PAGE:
Graeme: It is so easy to grow. It is a member of the sunflower family. It grows to 2 metres and has large leaves and an attractive, daisy-like flower that my bees seem to enjoy, it can be grown in all climates and I think it is an ideal high-profit crop to consider for anyone. Each plant produces around 5 to 7 kg of tubers although I have a good friend in Perth who has achieved over 20 kg per plant. We sell the tubers for $7 per kg but it has a secondary income stream from the rhizomes. These are the nubbly, red, yam-like bulbs that are the growing material for the next crop. Each plant produces at least 1 kg of rhizomes and they sell for $20 per kg. That makes for a total $50 turnover per plant and there are very few crops this profitable. We have quite a number of rhizomes available this season if anyone wants to experiment with this new crop.

Rob: I understand that there is also a good market for yacon syrup.

Graeme: Yes there is a big demand amongst the diabetic community, as it is a sweetener that does not spike blood sugar. It is a low-tech process to boil down the yacons and extract the syrup and it retails for up to $20 per 100 mL bottle.

yacon tubers rhizome plant

Yacon tubers, rhizome and plant

Rob: Let’s explore more about our beneficial gut-life. What else can we do to nurture them?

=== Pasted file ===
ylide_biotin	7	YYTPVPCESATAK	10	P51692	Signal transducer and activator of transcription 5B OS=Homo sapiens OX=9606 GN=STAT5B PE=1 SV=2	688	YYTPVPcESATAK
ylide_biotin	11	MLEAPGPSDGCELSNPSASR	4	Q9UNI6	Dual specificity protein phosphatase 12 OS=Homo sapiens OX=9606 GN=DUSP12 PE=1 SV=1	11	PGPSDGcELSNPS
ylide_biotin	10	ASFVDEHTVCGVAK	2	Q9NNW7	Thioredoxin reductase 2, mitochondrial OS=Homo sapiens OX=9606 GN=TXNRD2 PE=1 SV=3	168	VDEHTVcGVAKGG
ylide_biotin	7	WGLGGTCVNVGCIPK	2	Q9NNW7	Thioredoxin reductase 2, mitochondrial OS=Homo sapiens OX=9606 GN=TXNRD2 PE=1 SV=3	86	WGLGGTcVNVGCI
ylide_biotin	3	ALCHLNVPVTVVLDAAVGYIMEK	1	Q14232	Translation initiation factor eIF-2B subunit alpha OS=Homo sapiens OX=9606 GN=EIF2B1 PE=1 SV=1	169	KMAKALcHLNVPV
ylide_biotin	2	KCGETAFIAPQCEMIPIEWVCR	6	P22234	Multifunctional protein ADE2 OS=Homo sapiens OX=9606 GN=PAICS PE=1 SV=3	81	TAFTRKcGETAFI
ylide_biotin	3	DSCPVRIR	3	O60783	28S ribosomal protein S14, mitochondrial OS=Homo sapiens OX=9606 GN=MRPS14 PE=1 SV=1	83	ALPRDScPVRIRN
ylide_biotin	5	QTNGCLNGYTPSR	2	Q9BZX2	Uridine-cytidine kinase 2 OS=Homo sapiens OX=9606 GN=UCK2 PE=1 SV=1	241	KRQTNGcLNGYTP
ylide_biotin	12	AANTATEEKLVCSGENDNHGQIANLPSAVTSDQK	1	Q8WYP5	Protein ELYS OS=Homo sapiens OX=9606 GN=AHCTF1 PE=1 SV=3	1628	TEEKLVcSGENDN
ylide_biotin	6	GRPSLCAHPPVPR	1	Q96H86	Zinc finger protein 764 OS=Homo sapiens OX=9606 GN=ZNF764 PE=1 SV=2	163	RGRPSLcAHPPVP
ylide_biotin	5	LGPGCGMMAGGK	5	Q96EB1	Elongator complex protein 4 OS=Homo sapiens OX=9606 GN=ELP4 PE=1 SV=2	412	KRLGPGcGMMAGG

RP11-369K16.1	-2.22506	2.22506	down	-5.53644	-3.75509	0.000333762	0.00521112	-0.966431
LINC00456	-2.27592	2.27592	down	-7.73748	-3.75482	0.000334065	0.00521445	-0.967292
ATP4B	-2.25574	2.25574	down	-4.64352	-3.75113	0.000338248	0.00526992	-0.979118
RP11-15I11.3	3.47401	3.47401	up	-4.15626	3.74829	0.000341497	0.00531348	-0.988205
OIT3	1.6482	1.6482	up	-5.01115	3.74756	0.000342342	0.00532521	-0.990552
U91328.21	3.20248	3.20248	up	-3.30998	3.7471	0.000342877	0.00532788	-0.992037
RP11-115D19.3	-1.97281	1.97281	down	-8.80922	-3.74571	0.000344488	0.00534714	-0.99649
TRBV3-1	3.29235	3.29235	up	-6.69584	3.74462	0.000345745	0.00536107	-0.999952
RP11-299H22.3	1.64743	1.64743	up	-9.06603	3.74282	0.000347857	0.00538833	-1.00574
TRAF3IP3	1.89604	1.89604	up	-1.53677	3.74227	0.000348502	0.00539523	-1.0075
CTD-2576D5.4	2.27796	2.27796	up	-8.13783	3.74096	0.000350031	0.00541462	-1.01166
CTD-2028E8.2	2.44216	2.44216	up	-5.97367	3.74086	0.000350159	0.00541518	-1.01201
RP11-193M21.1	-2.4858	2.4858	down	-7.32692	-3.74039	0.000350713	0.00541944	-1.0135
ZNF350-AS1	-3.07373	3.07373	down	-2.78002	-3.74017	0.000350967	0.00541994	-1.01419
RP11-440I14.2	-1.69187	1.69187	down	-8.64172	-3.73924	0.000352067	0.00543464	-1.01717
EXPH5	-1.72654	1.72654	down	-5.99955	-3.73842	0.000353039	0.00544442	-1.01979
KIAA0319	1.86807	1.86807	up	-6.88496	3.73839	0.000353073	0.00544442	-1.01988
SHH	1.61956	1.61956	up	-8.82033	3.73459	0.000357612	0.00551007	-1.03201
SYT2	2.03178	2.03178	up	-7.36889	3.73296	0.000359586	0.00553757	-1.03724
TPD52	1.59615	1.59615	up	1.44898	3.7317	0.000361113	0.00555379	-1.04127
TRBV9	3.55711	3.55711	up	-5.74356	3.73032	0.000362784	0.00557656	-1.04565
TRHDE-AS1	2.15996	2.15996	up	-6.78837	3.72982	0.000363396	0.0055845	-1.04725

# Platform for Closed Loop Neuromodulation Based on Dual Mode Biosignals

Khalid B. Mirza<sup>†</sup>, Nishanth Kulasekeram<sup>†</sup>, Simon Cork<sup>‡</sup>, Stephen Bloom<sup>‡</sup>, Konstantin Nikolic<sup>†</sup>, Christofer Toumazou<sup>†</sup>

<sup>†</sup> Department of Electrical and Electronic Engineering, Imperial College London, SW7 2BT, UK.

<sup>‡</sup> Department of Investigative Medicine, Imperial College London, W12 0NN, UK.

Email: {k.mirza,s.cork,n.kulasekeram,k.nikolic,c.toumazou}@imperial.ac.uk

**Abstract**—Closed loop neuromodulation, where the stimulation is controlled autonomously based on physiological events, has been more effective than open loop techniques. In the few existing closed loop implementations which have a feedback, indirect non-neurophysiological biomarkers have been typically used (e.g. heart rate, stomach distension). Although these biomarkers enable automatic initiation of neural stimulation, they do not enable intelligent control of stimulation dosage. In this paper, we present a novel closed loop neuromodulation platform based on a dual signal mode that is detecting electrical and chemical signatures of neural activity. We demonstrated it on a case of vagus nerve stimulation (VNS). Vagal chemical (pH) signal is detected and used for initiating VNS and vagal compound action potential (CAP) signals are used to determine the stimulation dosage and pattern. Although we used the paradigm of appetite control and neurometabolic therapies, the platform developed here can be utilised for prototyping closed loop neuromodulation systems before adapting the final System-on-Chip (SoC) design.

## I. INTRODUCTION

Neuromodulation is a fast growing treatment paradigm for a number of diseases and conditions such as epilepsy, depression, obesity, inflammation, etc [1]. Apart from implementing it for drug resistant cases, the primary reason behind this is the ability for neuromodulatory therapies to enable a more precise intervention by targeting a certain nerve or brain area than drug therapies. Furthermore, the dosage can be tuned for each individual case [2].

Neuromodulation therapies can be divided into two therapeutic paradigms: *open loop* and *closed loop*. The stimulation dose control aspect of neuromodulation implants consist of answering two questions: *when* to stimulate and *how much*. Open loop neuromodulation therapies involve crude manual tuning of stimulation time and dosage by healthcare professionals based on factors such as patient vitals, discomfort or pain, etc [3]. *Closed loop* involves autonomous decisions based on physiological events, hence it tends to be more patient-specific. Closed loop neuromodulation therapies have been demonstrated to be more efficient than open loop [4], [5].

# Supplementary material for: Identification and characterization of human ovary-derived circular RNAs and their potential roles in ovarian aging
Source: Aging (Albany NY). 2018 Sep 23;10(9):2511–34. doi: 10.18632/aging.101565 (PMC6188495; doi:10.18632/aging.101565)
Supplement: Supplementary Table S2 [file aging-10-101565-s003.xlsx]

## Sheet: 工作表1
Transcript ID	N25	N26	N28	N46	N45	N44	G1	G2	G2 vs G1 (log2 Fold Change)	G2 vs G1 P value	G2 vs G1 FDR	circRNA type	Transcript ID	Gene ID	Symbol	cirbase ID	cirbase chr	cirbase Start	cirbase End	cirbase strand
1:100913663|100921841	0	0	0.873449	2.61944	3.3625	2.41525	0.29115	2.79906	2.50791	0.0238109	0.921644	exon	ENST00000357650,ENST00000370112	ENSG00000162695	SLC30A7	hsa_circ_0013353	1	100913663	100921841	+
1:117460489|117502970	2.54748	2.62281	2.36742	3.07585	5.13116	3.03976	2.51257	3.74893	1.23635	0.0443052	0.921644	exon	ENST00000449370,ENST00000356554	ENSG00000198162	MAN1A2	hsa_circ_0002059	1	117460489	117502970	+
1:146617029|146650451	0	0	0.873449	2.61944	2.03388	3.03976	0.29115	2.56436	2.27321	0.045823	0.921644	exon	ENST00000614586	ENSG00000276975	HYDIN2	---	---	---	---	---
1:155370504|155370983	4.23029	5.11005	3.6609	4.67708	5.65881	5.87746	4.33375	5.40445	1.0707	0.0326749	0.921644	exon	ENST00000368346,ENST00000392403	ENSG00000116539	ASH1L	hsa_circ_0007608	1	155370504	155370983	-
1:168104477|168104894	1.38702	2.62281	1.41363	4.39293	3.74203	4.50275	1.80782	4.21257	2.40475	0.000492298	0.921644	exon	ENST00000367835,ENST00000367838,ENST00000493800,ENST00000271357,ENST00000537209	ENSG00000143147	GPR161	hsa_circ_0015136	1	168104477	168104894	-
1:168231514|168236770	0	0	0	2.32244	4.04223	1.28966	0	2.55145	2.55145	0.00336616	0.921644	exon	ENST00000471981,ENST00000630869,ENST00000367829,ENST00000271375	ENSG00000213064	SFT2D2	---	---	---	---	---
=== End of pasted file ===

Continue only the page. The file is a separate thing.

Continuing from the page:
Graeme: It is important to realise that 85% of your immune system is located in your gut in the form of a vast array of microbes. It is a silly idea to wipe every surface in your house with antiseptic wipes or to produce squeaky clean, completely sterile dishes with your dishwasher. Actually, that reminds me of a joke. Do you want to hear it?

Rob: Sure. I guess the readers might enjoy it. You pepper your longer courses with humour and it is largely well received. Except for those that can’t handle the more bawdy punch lines.

Graeme: There are only really about seven different joke themes on the planet. The humor comes from a surprise punchline and often the biggest surprises seem to be linked to more offensive themes. I believe there is no room for political correctness in humour. If you have lost the ability to laugh at everything, including yourself, then you need to wake up and realise you have become a miserable bastard, and you are wasting your short life.

Rob: That seems a bit harsh, but it’s probably true. This had better be a funny joke!